As Joshua Bivens of the Economic Policy Institute showed in his important 2011 study, “Failure By Design,” the following interrelated, bipartisan and not-so-public policies across the long neoliberal era have brought us to a level of inequality that rivals the Gilded Age of the late 19th century robber barons era. These policies include:

● Letting the value of the minimum wage be eroded by inflation.
● Slashing labor standards for overtime, safety and health.
● Tilting the laws governing union organizing and collective bargaining strongly in favor of employers.
● Weakening the social safety net.
● Privatizing public services.
● Accelerating the integration of the U.S. economy with the world economy without adequately protecting workers from global competition.
● Shredding government oversight of international trade, currency, investment and lending.
● Deregulating the financial sector and financial markets.
● Valuing low inflation over full employment and abandoning the latter as a worthy goal of fiscal and economic policy.

In fact, there are quite a few more reasons, but the above list is quite correct (and indeed all these measures were consciously taken by the rich or by politicians working for the rich, and most of these measures were taken after deregulations of earlier much better laws).

Here is what happened after the crisis of 2008 (which I insist still exists as it did in 2008 for everybody who is not rich, though I am willing to agree that the rich - maximally 10% of all - now again are profiting a lot, all for themselves also):

After the crash, the government under both George W. Bush and Barack Obama bailed out the very financial predators who pushed the economy over the cliff. The Obama administration, chock full of Goldman Sachs and Citigroup operatives, left the rest of us to wonder, “Where’s our bailout?” as 95 percent of the nation’s new income went to the top 1 percent during his first term.

Well, the bailout of the 95% went to the the top 1 percent. Next, here are four sections I ony provide the titles of, because Nederlog is too small for a full excerpt:

Ordinary Citizens Have No Influence Over Their Government
Shock Profits
‘Isn’t it Beautiful?’
Capitalist Climate-astrophe
Then there is this section, from which I copy the beginning:
‘A Death Knell for the Species’
Trump has taken advantage of the nation’s plutocratic political dysfunction to become a kind of one-man ecological apocalypse. The fossil-fueled hurricanes, drought and wildfires of 2017 have hit the U.S. at a time when the White House is occupied by an openly ecocidal billionaire whose election rang what Noam Chomsky called an environmental “death knell for the species.” Trump has pulled the United States out of the moderate Paris climate accords. He has removed all references to climate change from federal websites and chose a fellow petro-capitalist climate change-denier dedicated to crippling the Environmental Protection Agency to lead that department. Trump’s secretary of state is the former longtime CEO of Exxon Mobil Corp., history’s most powerful fossil fuel corporation—a company that buried and then organized propaganda against its own scientists’ warnings on carbon’s impact on the climate.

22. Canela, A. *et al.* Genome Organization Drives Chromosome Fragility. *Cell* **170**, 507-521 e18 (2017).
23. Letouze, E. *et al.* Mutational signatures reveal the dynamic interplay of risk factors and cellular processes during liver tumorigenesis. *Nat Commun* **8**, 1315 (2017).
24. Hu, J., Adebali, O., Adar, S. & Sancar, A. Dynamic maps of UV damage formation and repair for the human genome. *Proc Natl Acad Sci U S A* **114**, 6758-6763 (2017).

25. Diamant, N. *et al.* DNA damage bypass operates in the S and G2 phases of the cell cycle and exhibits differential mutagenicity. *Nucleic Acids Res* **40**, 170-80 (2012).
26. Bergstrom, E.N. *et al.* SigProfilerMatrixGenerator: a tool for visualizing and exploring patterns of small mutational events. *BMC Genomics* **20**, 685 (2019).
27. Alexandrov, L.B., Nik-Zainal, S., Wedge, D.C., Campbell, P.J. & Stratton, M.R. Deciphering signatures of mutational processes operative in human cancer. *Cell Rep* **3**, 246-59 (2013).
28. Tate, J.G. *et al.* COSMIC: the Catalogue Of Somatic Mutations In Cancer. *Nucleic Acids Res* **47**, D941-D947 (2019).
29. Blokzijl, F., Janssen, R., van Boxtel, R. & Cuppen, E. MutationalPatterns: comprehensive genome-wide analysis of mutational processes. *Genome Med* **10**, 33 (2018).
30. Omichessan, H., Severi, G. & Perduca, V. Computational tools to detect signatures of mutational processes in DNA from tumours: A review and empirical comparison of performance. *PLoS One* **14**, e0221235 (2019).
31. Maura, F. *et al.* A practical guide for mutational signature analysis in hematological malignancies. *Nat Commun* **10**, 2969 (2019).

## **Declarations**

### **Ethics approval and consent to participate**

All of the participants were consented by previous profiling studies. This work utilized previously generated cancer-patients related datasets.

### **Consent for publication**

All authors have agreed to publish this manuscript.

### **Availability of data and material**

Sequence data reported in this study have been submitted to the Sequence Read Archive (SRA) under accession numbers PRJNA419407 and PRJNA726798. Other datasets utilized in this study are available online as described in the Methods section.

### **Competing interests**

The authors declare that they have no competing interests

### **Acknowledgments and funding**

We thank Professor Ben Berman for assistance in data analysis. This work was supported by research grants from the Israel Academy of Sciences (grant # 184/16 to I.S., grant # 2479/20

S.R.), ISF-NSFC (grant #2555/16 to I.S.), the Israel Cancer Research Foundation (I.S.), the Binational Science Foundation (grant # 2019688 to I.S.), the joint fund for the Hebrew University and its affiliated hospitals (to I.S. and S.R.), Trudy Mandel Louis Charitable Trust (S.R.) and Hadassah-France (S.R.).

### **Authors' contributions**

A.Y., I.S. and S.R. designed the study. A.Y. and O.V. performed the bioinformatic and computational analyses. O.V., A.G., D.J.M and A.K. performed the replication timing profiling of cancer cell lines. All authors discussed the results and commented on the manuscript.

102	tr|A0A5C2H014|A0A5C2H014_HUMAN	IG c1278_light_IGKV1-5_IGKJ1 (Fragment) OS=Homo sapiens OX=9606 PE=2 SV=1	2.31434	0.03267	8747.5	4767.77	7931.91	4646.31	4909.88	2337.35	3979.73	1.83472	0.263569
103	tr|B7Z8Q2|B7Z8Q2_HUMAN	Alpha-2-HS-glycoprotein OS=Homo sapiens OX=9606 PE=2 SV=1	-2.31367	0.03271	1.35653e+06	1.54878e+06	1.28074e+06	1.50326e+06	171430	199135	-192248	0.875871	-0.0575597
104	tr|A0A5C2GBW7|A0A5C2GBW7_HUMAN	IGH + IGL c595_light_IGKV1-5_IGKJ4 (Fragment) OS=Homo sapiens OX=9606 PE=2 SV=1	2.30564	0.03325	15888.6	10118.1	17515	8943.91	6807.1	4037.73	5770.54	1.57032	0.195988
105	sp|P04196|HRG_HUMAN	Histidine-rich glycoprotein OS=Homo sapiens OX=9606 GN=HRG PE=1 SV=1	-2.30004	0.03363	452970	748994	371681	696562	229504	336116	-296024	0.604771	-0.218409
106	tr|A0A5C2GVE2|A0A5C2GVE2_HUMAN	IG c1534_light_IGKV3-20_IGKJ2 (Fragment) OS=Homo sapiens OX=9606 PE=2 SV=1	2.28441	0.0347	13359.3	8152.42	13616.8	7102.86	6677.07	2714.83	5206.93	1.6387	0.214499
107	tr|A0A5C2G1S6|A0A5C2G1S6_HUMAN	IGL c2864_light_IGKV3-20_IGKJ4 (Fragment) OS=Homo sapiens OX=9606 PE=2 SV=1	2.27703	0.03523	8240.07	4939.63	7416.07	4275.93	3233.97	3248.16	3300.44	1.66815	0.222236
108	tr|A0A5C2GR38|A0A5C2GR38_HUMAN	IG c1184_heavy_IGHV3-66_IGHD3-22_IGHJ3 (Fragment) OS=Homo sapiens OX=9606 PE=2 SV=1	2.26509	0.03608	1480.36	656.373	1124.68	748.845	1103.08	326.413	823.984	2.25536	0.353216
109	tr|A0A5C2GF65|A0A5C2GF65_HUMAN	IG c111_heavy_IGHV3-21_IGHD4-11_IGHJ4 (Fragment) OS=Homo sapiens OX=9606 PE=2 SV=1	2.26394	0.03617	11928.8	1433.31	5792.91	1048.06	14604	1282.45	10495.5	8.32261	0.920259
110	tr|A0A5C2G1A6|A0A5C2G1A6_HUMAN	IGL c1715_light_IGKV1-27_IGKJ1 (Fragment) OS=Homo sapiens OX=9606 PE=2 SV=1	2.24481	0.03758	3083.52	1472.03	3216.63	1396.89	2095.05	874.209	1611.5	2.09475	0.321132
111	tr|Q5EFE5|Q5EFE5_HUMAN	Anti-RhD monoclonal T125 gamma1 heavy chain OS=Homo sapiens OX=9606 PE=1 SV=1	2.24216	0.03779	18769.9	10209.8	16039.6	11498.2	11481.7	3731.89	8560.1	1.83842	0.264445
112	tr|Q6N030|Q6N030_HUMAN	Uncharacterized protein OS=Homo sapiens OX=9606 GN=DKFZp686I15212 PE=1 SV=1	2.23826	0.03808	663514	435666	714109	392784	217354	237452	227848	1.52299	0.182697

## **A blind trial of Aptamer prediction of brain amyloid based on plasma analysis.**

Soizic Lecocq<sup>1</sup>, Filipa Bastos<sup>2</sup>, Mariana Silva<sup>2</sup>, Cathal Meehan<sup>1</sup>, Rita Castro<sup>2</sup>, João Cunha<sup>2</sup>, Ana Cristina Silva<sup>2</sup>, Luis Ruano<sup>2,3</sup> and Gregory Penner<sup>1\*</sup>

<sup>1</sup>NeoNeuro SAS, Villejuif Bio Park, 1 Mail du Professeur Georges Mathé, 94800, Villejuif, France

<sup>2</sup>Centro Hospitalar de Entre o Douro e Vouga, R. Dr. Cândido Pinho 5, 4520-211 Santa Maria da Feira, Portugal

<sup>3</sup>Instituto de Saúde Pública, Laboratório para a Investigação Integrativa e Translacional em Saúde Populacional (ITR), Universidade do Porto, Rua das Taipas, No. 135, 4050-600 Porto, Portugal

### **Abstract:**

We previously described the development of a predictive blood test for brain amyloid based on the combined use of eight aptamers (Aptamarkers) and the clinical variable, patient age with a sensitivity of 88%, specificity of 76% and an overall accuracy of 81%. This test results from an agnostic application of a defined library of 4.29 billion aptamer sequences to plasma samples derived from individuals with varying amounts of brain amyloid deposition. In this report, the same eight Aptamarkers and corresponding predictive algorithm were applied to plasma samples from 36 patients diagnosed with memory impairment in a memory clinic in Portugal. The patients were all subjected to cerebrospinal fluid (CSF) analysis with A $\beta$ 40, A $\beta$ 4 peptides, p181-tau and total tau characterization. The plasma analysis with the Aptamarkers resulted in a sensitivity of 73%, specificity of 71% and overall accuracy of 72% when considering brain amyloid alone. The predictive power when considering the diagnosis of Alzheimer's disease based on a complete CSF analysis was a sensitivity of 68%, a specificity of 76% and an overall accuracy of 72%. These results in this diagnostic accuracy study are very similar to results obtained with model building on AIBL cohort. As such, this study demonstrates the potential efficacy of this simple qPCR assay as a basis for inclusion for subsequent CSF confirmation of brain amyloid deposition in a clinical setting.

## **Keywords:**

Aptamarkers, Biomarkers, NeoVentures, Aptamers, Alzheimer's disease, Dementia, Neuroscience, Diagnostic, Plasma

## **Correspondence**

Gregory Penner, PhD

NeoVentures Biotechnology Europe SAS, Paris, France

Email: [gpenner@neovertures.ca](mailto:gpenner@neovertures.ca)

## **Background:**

Precisely. And here is one consequence (that I agree with):
The System Is Working

Like so much else in U.S. government policy, Trump’s anti-environmental actions are contrary to majority-progressive public opinion. Who cares? It’s one more in a long line of examples showing that “We the People” are not sovereign in the failed, arch-plutocratic and militantly capitalist state that is the 21st century United States.

Yes indeed - the system is working, and it is working quite well for the very rich, indeed in considerable part because it is not working for the many non-rich and poor. But then indeed - as Paul Street correctly infers - if the system does consist in handing over most of the profits to the few very rich, it ceased to be a democracy. And I agree.

Here are some of the points why capitalism is fundamentally unfair:

Capitalism is about profit for the owners of capital—period. They attain this through any number of means. The most damaging include:

● Seizing others’ land and materials.
● Slavery (the leading source of capital accumulation in the United States before it was outlawed in 1863–65).
● Firing workers or replacing them with technology.
● Undermining the value and power of labor by “de-skilling” workers by reducing the amount of knowledge and experience they need to do their jobs.
● Abject authoritarian tyranny in the workplace, where Marxist economist Richard Wolff reminds us that most working-age adults spend the majority of their waking hours.
● Outsourcing work to sections of the world economy with the lowest wages and the worst working conditions.
● Hiring and exploiting unprotected migrant workers.
● Slashing wages and benefits, or cheating workers out of them.
● Purely speculative investment.
● Forming monopolies and using them to raise prices.
● Dismantling competing firms, sectors and industries.
● Deadly pollution and perversion of the natural environment.
● Appropriating public assets.
● Military contracting and war production.
● Working to shape political and intellectual culture and policy in capital’s favor by funding political campaigns, hiring lobbyists, buying and controlling the media, manipulating public relations and propaganda, investing in the educational system, offering lucrative employment and other economic opportunities to policymakers and their families, holding